Releasing a book it’s a bit like walking naked into a room full of people. You are in a very vulnerable position, you’re exposed. A lot of yourself, that you care to admit it or not, went into the writing of that book. So, in some ways you are giving away secrets, parts of you never shared with anyone before. It’s nerve wrecking and liberating at the same time.

Almost exactly one year ago I decided to participate in the National Novel Writing Month. I had no idea whether I would be able to finish it or not. In fact, at first I didn’t even have a story. I had a piece of flash fiction I had written for my local writing group, the fabulous Sippy Cups and Semantics and that was all. I am not much of a planner when it comes to writing. I do a sketchy plan (very sketchy) and then I just run with it. So on November 1, 2014 I had a little over one thousand words, the beginning of what I was hoping would be a romance. I had nothing. I had two characters, a mystery that even I didn’t know what it was, and a title. It was one of the most exhilarating months of my life. I wrote every chance I got; first thing in the morning before going to work, during my lunch break, right after work and into the wee hours of the morning. On November 31 I had a fifty-thousand novel written. I felt awesome. The proud “mom” of a full size baby novel.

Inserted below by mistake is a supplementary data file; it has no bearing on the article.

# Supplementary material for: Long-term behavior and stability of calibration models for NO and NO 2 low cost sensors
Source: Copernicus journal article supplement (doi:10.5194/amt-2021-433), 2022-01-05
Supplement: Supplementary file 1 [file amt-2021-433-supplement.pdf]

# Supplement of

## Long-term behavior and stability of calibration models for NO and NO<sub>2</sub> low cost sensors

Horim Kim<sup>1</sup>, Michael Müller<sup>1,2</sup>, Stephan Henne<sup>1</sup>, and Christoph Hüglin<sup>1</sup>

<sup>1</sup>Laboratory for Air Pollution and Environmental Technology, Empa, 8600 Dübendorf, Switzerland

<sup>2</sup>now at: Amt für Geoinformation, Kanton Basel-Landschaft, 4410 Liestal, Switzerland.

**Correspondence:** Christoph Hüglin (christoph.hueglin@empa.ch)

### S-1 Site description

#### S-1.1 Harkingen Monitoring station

I saw the same positive effects of writing in the eyes of a few of my students this week. I managed to convince a select small group of 5th graders to do the Young Writers Program for NaNoWriMo. A couple of these students I knew enjoyed writing and there was a good chance they would love the challenge, but in the same group there was also a few kids who normally will tell you they hate writing. Writing is boring, writing is hard work, why do we have to write? I was surprised and delighted when they accepted the challenge and I was even more surprised with the results. Only one met his goal but they all wrote and they all shared tidbits of their story with me and with each other. They had flights of fancy and plot twists planned, characters drawn in their heads, settings picked. They took every occasion they could find during the month of November to tell me when something changed in their stories. And when I came to congratulate them for a job well done and to tell them I would love to read what they came up with, I got hugs and thank yous and “can we keep doing this?” I was floored. Were these the same kids who claimed to hate writing? Somehow writing or even just planning their stories gave these students a sense of freedom. Freedom to be themselves, to give their imaginations a wide rein, to just dream.